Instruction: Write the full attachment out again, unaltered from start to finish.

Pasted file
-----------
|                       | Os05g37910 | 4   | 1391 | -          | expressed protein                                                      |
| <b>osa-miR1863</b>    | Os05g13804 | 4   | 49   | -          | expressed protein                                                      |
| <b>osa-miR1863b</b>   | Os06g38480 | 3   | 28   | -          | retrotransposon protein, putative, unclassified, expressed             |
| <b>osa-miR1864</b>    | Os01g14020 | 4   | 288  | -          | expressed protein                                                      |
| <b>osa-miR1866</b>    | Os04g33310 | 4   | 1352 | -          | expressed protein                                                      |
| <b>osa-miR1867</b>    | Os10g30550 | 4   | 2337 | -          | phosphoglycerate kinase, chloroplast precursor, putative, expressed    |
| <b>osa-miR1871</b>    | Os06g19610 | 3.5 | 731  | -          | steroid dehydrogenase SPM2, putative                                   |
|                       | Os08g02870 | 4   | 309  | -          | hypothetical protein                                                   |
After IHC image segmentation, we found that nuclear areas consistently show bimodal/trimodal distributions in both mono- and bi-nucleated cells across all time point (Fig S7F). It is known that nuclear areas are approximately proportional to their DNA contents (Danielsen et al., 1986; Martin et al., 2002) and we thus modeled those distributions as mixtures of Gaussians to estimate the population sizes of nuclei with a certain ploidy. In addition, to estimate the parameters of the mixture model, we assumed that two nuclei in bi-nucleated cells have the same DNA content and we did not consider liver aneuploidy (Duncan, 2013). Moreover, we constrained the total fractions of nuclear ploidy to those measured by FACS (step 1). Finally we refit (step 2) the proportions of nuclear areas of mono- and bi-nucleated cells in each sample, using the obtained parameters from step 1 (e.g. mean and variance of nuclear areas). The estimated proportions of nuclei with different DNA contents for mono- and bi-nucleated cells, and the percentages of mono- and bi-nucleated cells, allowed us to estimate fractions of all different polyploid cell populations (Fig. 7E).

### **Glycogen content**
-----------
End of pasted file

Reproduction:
|                       | Os05g37910 | 4   | 1391 | -          | expressed protein                                                      |
| <b>osa-miR1863</b>    | Os05g13804 | 4   | 49   | -          | expressed protein                                                      |
| <b>osa-miR1863b</b>   | Os06g38480 | 3   | 28   | -          | retrotransposon protein, putative, unclassified, expressed             |
| <b>osa-miR1864</b>    | Os01g14020 | 4   | 288  | -          | expressed protein                                                      |
| <b>osa-miR1866</b>    | Os04g33310 | 4   | 1352 | -          | expressed protein                                                      |
| <b>osa-miR1867</b>    | Os10g30550 | 4   | 2337 | -          | phosphoglycerate kinase, chloroplast precursor, putative, expressed    |
| <b>osa-miR1871</b>    | Os06g19610 | 3.5 | 731  | -          | steroid dehydrogenase SPM2, putative                                   |
|                       | Os08g02870 | 4   | 309  | -          | hypothetical protein                                                   |
After IHC image segmentation, we found that nuclear areas consistently show bimodal/trimodal distributions in both mono- and bi-nucleated cells across all time point (Fig S7F). It is known that nuclear areas are approximately proportional to their DNA contents (Danielsen et al., 1986; Martin et al., 2002) and we thus modeled those distributions as mixtures of Gaussians to estimate the population sizes of nuclei with a certain ploidy. In addition, to estimate the parameters of the mixture model, we assumed that two nuclei in bi-nucleated cells have the same DNA content and we did not consider liver aneuploidy (Duncan, 2013). Moreover, we constrained the total fractions of nuclear ploidy to those measured by FACS (step 1). Finally we refit (step 2) the proportions of nuclear areas of mono- and bi-nucleated cells in each sample, using the obtained parameters from step 1 (e.g. mean and variance of nuclear areas). The estimated proportions of nuclei with different DNA contents for mono- and bi-nucleated cells, and the percentages of mono- and bi-nucleated cells, allowed us to estimate fractions of all different polyploid cell populations (Fig. 7E).

### **Glycogen content**